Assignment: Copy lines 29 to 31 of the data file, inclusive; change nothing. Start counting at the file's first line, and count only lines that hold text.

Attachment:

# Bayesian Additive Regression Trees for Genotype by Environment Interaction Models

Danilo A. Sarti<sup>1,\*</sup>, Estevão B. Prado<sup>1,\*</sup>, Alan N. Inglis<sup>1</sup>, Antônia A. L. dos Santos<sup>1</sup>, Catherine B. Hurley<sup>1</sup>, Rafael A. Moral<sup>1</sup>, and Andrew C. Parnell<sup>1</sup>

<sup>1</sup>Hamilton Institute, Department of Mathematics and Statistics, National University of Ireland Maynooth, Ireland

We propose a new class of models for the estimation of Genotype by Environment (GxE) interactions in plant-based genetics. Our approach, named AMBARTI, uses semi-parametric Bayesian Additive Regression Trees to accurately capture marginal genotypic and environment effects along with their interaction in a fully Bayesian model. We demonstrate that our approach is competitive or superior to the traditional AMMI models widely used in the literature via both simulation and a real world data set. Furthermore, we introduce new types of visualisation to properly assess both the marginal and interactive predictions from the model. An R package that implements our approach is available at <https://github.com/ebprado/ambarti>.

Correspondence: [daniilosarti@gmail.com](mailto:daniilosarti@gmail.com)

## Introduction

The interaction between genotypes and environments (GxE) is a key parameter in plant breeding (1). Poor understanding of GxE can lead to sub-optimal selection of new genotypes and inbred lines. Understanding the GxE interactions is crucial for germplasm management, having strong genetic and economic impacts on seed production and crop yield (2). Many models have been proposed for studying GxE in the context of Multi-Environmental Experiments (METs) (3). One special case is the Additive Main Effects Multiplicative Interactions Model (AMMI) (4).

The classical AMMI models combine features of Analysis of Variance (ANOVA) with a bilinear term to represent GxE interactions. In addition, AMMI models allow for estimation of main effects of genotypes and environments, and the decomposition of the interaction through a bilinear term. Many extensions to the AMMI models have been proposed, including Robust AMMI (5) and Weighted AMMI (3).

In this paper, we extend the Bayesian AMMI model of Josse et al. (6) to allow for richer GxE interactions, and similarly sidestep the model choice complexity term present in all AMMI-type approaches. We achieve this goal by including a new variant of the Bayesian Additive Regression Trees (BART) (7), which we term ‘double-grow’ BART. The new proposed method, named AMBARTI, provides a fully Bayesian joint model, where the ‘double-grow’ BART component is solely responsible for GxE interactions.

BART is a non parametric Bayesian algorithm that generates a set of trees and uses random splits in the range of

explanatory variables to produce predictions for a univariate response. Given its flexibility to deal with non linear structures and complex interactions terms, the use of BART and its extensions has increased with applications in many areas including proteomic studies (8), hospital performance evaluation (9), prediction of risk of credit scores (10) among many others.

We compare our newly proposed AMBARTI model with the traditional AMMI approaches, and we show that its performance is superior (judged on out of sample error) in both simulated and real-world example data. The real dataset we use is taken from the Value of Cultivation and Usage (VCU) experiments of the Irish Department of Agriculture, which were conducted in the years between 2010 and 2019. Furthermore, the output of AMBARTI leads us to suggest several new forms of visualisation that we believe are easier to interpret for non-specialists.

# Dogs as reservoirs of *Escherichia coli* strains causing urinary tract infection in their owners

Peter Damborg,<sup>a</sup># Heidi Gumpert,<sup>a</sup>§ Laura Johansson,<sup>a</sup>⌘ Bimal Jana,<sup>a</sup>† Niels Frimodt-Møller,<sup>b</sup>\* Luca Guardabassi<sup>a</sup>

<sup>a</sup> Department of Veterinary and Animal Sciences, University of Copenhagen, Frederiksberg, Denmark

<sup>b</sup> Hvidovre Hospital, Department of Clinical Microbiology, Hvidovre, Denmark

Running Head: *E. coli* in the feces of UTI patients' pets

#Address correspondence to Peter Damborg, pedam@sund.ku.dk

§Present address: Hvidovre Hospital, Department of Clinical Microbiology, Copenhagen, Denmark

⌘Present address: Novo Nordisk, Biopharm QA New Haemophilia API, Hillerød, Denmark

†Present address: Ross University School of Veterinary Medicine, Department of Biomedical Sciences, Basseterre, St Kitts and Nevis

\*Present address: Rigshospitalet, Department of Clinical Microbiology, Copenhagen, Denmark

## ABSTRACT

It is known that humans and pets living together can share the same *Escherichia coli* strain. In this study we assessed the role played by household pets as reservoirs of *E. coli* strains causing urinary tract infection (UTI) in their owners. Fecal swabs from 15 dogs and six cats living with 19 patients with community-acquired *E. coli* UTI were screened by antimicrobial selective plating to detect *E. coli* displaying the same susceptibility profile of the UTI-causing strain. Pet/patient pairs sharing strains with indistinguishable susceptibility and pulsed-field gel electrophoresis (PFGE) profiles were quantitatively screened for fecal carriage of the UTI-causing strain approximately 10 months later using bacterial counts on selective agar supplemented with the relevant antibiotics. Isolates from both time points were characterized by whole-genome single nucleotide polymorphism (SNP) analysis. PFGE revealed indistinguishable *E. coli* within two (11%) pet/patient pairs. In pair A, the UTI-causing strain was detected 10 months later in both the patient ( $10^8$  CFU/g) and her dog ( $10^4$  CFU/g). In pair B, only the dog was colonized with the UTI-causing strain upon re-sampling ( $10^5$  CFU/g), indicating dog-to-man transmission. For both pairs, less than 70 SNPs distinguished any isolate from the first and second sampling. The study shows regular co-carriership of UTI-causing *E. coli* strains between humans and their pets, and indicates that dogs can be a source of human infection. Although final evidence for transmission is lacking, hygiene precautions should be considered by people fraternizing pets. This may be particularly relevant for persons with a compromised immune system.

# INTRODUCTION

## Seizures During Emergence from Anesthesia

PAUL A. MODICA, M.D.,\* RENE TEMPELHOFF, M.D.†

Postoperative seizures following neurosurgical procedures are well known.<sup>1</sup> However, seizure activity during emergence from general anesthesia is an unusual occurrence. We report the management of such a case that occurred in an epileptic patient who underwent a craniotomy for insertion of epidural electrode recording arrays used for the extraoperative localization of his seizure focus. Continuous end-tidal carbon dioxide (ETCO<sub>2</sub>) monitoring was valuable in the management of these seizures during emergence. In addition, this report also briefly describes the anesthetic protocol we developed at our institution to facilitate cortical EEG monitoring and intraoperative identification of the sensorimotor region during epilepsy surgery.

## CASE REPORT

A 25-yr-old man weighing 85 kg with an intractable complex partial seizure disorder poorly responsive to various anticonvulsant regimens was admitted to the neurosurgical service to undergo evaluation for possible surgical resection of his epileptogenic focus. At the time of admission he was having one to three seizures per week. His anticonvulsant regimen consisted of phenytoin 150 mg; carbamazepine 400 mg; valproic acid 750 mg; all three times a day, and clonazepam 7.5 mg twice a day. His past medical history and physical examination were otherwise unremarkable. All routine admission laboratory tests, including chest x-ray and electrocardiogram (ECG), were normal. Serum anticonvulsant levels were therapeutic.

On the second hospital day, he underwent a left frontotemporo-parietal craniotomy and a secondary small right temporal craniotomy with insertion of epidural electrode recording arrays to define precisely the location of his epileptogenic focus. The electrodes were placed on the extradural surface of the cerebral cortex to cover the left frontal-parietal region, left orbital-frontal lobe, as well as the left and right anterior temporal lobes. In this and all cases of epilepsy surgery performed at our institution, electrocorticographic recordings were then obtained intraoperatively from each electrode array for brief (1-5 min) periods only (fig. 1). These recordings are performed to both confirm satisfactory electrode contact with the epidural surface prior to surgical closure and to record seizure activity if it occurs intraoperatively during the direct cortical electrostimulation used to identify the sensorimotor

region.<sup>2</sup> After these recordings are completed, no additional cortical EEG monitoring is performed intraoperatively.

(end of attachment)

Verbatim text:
## CASE REPORT

A 25-yr-old man weighing 85 kg with an intractable complex partial seizure disorder poorly responsive to various anticonvulsant regimens was admitted to the neurosurgical service to undergo evaluation for possible surgical resection of his epileptogenic focus. At the time of admission he was having one to three seizures per week. His anticonvulsant regimen consisted of phenytoin 150 mg; carbamazepine 400 mg; valproic acid 750 mg; all three times a day, and clonazepam 7.5 mg twice a day. His past medical history and physical examination were otherwise unremarkable. All routine admission laboratory tests, including chest x-ray and electrocardiogram (ECG), were normal. Serum anticonvulsant levels were therapeutic.

On the second hospital day, he underwent a left frontotemporo-parietal craniotomy and a secondary small right temporal craniotomy with insertion of epidural electrode recording arrays to define precisely the location of his epileptogenic focus. The electrodes were placed on the extradural surface of the cerebral cortex to cover the left frontal-parietal region, left orbital-frontal lobe, as well as the left and right anterior temporal lobes. In this and all cases of epilepsy surgery performed at our institution, electrocorticographic recordings were then obtained intraoperatively from each electrode array for brief (1-5 min) periods only (fig. 1). These recordings are performed to both confirm satisfactory electrode contact with the epidural surface prior to surgical closure and to record seizure activity if it occurs intraoperatively during the direct cortical electrostimulation used to identify the sensorimotor